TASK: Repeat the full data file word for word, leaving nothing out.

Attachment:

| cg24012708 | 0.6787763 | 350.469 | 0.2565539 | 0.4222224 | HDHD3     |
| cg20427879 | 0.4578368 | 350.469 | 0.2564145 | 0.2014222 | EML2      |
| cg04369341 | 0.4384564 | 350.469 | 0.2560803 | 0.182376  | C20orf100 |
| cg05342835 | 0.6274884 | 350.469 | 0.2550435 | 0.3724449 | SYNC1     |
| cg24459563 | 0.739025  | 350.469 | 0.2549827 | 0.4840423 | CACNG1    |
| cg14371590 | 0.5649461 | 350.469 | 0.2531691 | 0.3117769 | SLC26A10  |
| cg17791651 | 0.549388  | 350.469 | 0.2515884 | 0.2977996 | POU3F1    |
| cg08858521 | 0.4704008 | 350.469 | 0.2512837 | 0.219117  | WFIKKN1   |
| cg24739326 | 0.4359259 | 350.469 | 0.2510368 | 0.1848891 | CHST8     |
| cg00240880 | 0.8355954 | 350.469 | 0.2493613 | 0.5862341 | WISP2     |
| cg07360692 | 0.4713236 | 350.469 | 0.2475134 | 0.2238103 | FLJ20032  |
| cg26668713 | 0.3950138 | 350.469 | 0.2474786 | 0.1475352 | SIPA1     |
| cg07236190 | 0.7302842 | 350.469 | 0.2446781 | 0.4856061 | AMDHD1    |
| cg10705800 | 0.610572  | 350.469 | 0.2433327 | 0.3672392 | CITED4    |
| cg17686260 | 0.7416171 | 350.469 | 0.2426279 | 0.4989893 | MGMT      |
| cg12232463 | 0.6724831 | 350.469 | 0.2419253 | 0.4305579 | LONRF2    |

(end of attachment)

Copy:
| cg24012708 | 0.6787763 | 350.469 | 0.2565539 | 0.4222224 | HDHD3     |
| cg20427879 | 0.4578368 | 350.469 | 0.2564145 | 0.2014222 | EML2      |
| cg04369341 | 0.4384564 | 350.469 | 0.2560803 | 0.182376  | C20orf100 |
| cg05342835 | 0.6274884 | 350.469 | 0.2550435 | 0.3724449 | SYNC1     |
| cg24459563 | 0.739025  | 350.469 | 0.2549827 | 0.4840423 | CACNG1    |
| cg14371590 | 0.5649461 | 350.469 | 0.2531691 | 0.3117769 | SLC26A10  |
| cg17791651 | 0.549388  | 350.469 | 0.2515884 | 0.2977996 | POU3F1    |
| cg08858521 | 0.4704008 | 350.469 | 0.2512837 | 0.219117  | WFIKKN1   |
| cg24739326 | 0.4359259 | 350.469 | 0.2510368 | 0.1848891 | CHST8     |
| cg00240880 | 0.8355954 | 350.469 | 0.2493613 | 0.5862341 | WISP2     |
| cg07360692 | 0.4713236 | 350.469 | 0.2475134 | 0.2238103 | FLJ20032  |
| cg26668713 | 0.3950138 | 350.469 | 0.2474786 | 0.1475352 | SIPA1     |
| cg07236190 | 0.7302842 | 350.469 | 0.2446781 | 0.4856061 | AMDHD1    |
| cg10705800 | 0.610572  | 350.469 | 0.2433327 | 0.3672392 | CITED4    |
| cg17686260 | 0.7416171 | 350.469 | 0.2426279 | 0.4989893 | MGMT      |
| cg12232463 | 0.6724831 | 350.469 | 0.2419253 | 0.4305579 | LONRF2    |